Old Red Lion Theatre

A gripping, emotional reflection on the theatre industry, with clever scripting and technically impressive staging

 Inside London’s ‘oldest’ pub, a surprisingly large blackbox theatre rumbles with ominous music and flickering projected shadows. An evening of emotional turmoil and professional questioning is in store, as long as you’re fine with the smell of feet (maybe it’s the 606 years of history?)

Matthew Gouldesbrough’s play follows two actors as they battle with the cruel reality of the industry and a deteriorating relationship. The script is wordy, dense and clever. Throwing a lot of astrophysical metaphors into the mix, the focus on the tortured lives of actors is gripping, if slightly esoteric. With flavours of Beckett, a nice use of unreliable narrators and split views on shared events, you’re never sure what is going on (a positive and negative point).

This two-hander is a technically slick and impressive piece, utilising the black walls effectively for projection of some lovely video. The lighting states change to create the sun streaming through Brixton tube station (an important plot point), and a swinging lightbulb creates threatening shadows. Considering the limited rig and space, we are constantly visually engaged. The whole piece is cued to perfection, allowing the pace to race along at an intimidating speed. In such a domestic drama about dreams shared and shattered, watching black and white videos of the (real-life) couple projected onto the background highlights the issues, bringing a polished quality to the overall piece. A lovely use of half-heard sound and muttered dialogue, along with filming from a physical camera centre stage means the nuts and bolts of this show are precisely where they need to be. To be able to lay all this praise at the feet of one man is a rare pleasure. Along with writing AND directing, all lights, sound and video is done by Gouldesbrough himself. I’m utterly speechless (well, clearly not, as the paragraph above shows).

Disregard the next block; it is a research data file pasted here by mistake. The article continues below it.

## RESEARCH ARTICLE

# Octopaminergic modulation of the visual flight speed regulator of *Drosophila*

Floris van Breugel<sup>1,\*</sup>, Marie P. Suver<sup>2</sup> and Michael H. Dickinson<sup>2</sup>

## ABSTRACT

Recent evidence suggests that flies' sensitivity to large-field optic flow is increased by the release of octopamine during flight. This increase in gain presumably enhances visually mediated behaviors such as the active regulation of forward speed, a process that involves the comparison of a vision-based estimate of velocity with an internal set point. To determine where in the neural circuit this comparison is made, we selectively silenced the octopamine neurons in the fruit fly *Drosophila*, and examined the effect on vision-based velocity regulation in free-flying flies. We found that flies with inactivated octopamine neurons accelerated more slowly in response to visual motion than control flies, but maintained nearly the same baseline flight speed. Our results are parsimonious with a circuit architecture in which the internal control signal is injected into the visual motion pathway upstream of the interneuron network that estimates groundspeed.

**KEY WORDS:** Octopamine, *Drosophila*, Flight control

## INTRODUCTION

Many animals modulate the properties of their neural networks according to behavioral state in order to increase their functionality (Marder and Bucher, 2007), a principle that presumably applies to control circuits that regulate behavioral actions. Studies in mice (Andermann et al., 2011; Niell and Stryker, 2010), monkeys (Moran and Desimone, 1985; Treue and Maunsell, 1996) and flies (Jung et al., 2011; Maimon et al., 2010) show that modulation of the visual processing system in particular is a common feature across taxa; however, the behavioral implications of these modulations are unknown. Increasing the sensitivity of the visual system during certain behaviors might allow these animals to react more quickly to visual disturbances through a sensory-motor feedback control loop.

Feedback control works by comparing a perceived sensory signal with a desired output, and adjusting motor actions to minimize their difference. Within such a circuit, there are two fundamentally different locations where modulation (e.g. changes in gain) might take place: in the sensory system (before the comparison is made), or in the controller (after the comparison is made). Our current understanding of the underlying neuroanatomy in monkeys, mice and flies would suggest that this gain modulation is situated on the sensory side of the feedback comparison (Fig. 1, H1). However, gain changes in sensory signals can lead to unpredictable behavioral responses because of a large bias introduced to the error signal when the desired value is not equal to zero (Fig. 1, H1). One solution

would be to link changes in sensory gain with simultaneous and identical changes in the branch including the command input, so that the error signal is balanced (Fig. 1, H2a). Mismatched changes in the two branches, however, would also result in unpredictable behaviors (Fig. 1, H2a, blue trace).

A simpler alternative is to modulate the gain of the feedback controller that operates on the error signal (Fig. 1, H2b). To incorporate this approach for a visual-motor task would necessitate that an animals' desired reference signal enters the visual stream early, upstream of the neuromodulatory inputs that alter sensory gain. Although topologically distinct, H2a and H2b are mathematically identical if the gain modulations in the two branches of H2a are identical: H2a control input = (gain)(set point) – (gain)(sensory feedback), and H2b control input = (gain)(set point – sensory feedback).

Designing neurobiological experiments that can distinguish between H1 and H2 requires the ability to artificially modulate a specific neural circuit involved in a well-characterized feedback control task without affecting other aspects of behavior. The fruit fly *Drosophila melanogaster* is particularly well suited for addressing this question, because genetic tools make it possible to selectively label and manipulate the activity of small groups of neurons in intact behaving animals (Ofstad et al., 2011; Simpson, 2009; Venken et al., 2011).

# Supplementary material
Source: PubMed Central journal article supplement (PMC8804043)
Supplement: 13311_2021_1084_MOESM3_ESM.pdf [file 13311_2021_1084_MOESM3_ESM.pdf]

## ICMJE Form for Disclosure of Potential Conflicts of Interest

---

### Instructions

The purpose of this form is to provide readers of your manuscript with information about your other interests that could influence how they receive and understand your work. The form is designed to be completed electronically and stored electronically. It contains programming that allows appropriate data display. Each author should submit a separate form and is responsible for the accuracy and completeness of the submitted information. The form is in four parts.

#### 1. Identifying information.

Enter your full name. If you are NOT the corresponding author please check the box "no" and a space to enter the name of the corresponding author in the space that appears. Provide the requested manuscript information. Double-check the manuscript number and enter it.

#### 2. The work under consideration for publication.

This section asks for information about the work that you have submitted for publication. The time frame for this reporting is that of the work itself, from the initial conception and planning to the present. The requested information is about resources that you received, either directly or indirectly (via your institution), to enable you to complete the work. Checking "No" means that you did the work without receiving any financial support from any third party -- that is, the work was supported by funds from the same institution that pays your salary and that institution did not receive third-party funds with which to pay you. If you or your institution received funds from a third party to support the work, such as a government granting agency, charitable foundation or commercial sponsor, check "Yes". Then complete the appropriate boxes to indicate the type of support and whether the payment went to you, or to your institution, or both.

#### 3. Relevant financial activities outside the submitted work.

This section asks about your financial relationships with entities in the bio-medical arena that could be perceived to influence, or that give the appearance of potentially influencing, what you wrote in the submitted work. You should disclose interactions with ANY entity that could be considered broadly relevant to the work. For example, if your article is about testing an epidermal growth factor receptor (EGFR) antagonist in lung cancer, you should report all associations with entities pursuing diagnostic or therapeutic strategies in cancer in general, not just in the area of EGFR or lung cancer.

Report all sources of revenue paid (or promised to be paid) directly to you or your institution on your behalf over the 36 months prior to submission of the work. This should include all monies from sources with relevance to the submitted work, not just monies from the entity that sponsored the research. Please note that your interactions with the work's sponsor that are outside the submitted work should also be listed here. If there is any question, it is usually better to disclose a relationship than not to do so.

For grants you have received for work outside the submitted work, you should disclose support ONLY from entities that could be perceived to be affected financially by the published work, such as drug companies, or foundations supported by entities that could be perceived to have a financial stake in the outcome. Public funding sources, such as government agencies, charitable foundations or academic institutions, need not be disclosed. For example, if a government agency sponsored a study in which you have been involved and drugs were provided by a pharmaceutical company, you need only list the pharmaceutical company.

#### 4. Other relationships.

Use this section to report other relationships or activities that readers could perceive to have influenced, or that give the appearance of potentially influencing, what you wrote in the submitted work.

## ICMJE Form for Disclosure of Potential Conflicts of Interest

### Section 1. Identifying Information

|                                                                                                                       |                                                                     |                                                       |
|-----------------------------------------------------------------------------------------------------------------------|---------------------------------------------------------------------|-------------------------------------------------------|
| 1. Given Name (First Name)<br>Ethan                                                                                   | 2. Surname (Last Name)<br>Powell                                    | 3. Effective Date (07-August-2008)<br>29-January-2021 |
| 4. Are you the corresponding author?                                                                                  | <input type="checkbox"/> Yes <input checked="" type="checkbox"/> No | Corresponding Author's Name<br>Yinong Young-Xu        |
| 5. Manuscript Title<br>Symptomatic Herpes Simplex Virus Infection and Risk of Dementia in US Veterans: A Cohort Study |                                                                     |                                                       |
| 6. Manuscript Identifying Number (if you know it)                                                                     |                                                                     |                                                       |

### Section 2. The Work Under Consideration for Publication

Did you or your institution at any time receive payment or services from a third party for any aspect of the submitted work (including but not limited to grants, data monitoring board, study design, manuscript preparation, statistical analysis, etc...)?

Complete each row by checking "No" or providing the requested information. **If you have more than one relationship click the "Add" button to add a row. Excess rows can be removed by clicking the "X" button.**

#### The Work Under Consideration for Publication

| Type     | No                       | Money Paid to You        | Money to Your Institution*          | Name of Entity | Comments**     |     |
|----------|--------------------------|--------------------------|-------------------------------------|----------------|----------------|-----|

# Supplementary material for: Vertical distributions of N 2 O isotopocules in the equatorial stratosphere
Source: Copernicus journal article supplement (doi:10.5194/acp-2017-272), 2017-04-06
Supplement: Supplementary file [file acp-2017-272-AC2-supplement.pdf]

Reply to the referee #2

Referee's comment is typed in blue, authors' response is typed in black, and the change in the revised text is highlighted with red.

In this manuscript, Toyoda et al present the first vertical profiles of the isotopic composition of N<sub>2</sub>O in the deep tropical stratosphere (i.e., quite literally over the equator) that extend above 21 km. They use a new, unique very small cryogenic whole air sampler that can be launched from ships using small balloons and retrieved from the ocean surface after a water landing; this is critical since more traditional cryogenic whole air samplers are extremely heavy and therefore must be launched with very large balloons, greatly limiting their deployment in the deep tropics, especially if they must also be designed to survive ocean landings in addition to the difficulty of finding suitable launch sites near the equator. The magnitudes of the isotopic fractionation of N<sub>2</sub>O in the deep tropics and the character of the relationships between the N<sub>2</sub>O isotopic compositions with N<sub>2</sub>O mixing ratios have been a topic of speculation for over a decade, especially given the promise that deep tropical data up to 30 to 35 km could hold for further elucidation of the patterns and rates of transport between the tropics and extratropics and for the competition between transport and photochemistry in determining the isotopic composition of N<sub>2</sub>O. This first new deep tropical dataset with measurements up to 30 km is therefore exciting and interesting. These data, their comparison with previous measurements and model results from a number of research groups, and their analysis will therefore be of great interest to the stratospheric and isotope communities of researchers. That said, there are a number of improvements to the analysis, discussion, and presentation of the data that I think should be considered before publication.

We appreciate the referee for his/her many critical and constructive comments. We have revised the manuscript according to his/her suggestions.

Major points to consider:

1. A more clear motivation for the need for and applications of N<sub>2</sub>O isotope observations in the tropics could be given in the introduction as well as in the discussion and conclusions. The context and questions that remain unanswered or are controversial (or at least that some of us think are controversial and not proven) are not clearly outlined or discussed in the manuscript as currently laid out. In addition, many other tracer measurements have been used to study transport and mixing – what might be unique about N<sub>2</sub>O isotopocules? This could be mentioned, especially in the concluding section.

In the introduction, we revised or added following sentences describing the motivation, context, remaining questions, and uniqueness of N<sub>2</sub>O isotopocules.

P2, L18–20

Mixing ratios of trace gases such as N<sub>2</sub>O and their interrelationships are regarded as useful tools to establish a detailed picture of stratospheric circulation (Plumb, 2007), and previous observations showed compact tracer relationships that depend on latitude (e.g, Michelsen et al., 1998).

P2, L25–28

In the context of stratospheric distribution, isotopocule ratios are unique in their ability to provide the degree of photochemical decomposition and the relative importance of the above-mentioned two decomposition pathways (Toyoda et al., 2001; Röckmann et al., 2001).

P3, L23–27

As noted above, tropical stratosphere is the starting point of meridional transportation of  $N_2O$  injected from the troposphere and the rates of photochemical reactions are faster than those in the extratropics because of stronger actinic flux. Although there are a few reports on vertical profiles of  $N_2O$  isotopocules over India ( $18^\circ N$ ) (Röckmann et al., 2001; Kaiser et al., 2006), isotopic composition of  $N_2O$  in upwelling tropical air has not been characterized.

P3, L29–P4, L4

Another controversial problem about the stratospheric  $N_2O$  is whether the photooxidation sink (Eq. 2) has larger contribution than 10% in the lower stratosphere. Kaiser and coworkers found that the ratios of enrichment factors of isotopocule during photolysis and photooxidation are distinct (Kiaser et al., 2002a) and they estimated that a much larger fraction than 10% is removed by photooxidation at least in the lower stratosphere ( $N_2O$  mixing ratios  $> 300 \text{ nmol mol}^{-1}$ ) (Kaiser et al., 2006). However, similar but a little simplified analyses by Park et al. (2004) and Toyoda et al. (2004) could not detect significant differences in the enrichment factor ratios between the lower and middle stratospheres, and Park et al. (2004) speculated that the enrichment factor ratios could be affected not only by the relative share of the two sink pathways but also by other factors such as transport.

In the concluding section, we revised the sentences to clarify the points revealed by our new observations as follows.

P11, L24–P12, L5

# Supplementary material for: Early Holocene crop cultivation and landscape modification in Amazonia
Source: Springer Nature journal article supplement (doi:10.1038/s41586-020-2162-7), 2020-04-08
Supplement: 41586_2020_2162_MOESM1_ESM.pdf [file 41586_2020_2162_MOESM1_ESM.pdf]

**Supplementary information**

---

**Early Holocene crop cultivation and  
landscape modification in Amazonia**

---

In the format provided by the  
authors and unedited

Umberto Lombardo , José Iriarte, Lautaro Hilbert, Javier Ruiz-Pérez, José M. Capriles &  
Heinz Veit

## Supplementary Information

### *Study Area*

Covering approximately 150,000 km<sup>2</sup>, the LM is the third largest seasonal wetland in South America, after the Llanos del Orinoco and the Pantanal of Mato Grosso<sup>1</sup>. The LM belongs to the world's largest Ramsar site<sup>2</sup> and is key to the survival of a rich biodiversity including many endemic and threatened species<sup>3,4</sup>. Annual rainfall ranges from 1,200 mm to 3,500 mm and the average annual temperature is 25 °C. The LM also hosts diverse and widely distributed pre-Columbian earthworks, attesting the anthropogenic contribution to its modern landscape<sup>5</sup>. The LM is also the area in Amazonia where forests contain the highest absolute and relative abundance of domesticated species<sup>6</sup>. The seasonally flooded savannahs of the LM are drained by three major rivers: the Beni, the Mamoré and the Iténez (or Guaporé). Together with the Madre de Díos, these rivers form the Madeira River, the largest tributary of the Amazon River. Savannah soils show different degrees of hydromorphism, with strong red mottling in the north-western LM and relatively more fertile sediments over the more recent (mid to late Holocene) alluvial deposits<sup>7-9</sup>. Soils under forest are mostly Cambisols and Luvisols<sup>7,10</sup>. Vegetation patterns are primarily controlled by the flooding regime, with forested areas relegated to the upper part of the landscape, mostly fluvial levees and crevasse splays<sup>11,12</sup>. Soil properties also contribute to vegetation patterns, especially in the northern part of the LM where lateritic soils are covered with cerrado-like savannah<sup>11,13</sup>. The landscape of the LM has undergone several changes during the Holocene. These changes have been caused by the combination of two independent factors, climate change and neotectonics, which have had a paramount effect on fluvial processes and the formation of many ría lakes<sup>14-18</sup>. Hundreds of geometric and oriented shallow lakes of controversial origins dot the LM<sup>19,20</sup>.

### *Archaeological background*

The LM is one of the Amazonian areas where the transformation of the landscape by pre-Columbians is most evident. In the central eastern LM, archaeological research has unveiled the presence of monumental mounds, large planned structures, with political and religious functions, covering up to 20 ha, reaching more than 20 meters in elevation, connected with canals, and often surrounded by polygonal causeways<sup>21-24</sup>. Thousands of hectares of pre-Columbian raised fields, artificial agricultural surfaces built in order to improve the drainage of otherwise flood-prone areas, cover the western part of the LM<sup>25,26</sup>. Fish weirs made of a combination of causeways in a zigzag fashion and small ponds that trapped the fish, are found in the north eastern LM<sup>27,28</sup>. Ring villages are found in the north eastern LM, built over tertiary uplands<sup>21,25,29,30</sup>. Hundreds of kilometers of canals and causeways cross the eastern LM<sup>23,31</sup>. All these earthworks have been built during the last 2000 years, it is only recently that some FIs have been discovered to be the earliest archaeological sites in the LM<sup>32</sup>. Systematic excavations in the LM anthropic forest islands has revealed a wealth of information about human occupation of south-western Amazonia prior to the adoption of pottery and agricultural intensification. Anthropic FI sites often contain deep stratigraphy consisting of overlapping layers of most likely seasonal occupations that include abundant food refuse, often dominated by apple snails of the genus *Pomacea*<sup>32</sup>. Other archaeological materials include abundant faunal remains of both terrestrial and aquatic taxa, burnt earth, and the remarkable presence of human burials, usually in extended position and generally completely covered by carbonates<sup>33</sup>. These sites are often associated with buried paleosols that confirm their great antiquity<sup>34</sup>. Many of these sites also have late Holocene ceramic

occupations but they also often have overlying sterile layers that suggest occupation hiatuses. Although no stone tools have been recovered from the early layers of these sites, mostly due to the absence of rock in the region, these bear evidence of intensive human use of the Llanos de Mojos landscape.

But we must discuss the thespians on stage, mustn’t we? Gouldesbrough’s script is demanding, fast pace and high stakes, and as such asks a lot of the two performers. Also add in actors playing actors and this brings an extra note to the proceedings. Hannah Morrison rises up and snatches that note, breathing a warmth and veracity into the lines, coping with the fast changes of emotion and the rather intense nature of the piece. She tears-up well at just the right point, and overall this delicate performance is a tour de force for the young actor. Jake Felts, although giving an energetic performance, starts at 100% and therefore has nowhere to go in the ever-building drama, missing some subtler moments in his surge of intensity.

Overall, the writing is bright, and as an alumnus of drama school myself, the piece affected me deeply (although I question whether someone unconnected to the theatre world would be so touched). However, blending in some messy relationship trauma and a touch of the casting couch/#metoo movement allows for a more open-ended interpretation. Throughout, Morrison repeats “how I am progressing?”, and this modern-day mantra stays with me into the warm evening. It is the swan song of a generation of young people trying to find their way in a warming and increasingly hostile world. As the characters spin and flail, we are taken with them on a frantic dance, one which none of us seems to know the steps for.